Madrid, July 5 (EFE).- Only 40 percent of Haiti’s 11.8 million inhabitants have access to health care and getting treatment for some illnesses depends on the ability to pay, the director of St. Damien Pediatric Hospital in Port-au-Prince told EFE here.
Dr. Pascale Gassant and the hospital’s project coordinator, Marytza Beaubrun, are in Madrid for the 20th anniversary of Fundacion Nuestros Pequeños Hermanos (Our Little Brothers and Sisters), which helps fund St. Damien.
While readily acknowledging that initiatives such as St. Damien’s mother-and-child center could not exist without international aid, they demanded a larger role for Haitians in finding solutions to the problems of the poorest country in the Western Hemisphere.
Haiti’s health care system is “very weak,” Gassant said, noting that less than 5 percent of the government budget is earmarked for health while “the WHO (World Health Organization) says that for a system to be capable of responding to the needs of the population, the minimum is 15 percent of the national budget.”
“Health indicators are in the red, with a very rate of adult and infant mortality, the public system doesn’t function, they are always on strike, they don’t have supplies, nor equipment, nor physicians,” she said.
All of that in the context of a “complex and very difficult situation” marked by “chronic political instability that has grown worse in the last 10 years and even more since they killed the president,” Gassant said, referring to the July 7, 2021, assassination of Jovenel Moise.
She pointed out that public institutions make up only 20 percent of the health care sector in Haiti.
“The great majority of people, when they get sick they resort to traditional medicine, which also isn’t free. The little they have, they spend there,” Gassant said. “There are pathologies that if you don’t have money you can’t get treated in the country.”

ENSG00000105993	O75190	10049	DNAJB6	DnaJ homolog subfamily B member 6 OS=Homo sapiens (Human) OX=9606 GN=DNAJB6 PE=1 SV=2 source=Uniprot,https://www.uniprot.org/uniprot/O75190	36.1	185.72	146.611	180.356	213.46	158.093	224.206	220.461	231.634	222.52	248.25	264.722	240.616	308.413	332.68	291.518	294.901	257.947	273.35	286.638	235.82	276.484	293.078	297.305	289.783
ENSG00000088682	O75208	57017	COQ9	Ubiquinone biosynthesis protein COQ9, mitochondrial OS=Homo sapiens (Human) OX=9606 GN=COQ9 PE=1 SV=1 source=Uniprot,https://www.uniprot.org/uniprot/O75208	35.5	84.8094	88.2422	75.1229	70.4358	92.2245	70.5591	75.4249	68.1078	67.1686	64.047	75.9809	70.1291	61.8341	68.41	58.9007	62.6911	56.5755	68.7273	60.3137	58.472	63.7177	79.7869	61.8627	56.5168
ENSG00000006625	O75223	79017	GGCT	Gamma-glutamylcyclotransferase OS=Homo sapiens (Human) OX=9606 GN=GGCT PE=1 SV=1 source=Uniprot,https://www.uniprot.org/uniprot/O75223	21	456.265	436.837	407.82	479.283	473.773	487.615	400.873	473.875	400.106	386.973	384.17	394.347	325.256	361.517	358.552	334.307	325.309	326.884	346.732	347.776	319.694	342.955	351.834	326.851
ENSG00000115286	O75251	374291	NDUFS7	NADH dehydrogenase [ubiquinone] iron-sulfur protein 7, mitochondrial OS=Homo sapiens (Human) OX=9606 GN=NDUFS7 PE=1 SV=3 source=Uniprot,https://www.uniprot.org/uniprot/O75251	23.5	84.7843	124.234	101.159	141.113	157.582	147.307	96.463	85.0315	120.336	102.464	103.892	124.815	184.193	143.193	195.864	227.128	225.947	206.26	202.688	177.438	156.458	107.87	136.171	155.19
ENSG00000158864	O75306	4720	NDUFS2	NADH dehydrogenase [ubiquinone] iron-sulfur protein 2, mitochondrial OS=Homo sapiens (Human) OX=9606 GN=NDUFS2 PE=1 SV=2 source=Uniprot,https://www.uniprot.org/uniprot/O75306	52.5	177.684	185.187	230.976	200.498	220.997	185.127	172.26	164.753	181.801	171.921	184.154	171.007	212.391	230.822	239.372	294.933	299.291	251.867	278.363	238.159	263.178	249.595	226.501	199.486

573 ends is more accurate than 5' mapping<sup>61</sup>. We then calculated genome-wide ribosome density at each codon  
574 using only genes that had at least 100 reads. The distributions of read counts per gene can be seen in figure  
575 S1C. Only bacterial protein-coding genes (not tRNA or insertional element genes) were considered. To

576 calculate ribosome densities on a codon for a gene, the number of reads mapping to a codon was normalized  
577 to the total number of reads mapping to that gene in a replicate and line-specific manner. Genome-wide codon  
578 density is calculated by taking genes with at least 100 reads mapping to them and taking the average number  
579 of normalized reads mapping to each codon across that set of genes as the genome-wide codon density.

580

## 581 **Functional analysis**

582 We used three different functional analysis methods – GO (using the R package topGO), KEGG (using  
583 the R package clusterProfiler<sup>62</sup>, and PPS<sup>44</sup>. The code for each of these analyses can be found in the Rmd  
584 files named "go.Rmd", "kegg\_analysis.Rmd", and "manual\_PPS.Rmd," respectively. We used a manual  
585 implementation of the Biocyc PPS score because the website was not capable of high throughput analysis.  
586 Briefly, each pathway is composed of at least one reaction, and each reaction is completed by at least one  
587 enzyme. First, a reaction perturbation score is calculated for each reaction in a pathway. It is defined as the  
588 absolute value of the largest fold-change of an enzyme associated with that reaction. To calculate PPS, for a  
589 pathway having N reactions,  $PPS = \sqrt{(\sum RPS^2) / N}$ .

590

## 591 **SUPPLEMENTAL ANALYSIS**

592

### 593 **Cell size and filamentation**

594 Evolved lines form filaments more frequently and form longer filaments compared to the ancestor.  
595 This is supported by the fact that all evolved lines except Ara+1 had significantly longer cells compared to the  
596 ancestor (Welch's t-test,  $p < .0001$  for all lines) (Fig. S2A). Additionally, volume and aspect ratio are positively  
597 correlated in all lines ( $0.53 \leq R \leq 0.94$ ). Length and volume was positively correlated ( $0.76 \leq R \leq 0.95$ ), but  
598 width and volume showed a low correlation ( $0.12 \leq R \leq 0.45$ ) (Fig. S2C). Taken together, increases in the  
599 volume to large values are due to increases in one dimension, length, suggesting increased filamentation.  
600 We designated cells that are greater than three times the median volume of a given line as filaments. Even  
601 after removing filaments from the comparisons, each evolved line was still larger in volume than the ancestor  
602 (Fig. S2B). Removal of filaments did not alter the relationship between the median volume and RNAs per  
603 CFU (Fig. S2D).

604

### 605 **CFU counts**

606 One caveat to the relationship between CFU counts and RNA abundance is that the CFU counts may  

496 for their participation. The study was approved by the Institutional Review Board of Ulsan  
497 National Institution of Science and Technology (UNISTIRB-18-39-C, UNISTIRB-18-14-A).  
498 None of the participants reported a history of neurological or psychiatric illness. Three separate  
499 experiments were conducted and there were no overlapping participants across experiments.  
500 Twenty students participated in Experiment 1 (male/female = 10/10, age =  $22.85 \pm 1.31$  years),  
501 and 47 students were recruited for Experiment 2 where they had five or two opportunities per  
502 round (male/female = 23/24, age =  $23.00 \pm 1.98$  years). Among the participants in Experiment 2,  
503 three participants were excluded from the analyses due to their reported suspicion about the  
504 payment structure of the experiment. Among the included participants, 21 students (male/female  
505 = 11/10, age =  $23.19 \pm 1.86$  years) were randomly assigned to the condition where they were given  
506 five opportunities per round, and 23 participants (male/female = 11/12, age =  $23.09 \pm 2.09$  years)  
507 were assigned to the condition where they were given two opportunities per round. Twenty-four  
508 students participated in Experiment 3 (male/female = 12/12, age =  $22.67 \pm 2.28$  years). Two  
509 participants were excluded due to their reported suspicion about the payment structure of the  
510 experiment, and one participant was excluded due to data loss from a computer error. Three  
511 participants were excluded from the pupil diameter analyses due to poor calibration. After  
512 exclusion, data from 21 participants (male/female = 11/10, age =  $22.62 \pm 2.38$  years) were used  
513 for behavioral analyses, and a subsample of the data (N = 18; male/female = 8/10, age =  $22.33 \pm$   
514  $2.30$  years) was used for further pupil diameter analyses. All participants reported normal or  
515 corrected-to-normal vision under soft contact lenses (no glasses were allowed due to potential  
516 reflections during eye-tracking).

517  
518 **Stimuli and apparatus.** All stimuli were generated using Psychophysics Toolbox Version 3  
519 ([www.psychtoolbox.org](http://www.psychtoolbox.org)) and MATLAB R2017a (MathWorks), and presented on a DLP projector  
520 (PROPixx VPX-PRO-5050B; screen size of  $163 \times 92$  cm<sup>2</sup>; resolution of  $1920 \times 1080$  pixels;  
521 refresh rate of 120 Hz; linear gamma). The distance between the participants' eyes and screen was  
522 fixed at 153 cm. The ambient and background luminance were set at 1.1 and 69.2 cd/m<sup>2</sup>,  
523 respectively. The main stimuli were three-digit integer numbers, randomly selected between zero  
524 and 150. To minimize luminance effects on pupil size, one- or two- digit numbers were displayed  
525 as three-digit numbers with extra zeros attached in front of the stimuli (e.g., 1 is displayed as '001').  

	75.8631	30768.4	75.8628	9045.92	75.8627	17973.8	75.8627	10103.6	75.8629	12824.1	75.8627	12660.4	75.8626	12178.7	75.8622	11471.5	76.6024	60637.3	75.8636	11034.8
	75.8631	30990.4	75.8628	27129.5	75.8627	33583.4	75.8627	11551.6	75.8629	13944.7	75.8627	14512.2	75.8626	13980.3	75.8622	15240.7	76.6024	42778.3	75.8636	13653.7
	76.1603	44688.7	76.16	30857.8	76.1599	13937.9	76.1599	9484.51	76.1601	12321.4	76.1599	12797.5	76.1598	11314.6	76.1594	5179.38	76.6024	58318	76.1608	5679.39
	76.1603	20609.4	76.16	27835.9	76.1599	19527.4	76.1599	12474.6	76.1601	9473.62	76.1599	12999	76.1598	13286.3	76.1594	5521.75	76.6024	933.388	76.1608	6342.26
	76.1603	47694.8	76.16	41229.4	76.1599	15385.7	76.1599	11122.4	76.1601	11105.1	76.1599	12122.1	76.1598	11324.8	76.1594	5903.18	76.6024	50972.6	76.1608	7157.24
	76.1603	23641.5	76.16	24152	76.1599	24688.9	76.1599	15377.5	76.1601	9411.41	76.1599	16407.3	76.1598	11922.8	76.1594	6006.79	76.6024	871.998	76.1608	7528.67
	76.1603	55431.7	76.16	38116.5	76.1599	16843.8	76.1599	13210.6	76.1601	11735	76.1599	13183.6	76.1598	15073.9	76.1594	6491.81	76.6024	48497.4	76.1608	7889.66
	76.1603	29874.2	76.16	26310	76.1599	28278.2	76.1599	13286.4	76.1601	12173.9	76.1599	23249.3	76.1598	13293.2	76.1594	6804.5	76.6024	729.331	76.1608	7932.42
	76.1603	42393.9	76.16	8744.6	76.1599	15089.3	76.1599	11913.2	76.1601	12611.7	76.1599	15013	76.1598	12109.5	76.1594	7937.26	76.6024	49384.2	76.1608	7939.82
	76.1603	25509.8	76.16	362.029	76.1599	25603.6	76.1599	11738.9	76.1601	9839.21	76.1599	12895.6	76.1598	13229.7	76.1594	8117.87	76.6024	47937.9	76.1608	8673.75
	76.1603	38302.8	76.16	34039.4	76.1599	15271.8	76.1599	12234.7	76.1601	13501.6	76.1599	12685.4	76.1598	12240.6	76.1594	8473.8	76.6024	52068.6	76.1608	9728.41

Given that “the state can’t do everything,” she advocated for more public-private initiatives.
“In St. Damien we continue bringing health and care to the people who most need it, we do it with innovation and a lot of resilience,” the director said.
Along those lines, Beaubrun called for international aid to be channeled to specific projects and initiatives, bypassing the Haitian government.
“Let those who want to donate come to learn about us and see what we do,” she said. “The model of sending money via the government and other institutions doesn’t work for Haiti. I see private initiatives that do it well, better than injecting money into the government.”
Nuestros Pequeños Hermanos was founded in 1954 by the Rev. William Wasson, a Catholic priest from the United States working in Mexico, with a mission “to provide shelter, food, clothing, healthcare and education in a Christian family environment based on unconditional acceptance and love, sharing, working and responsibility.”
Soon after establishing a program in Haiti in 1988, NPH saw the need for a pediatric hospital and created St. Damien. EFE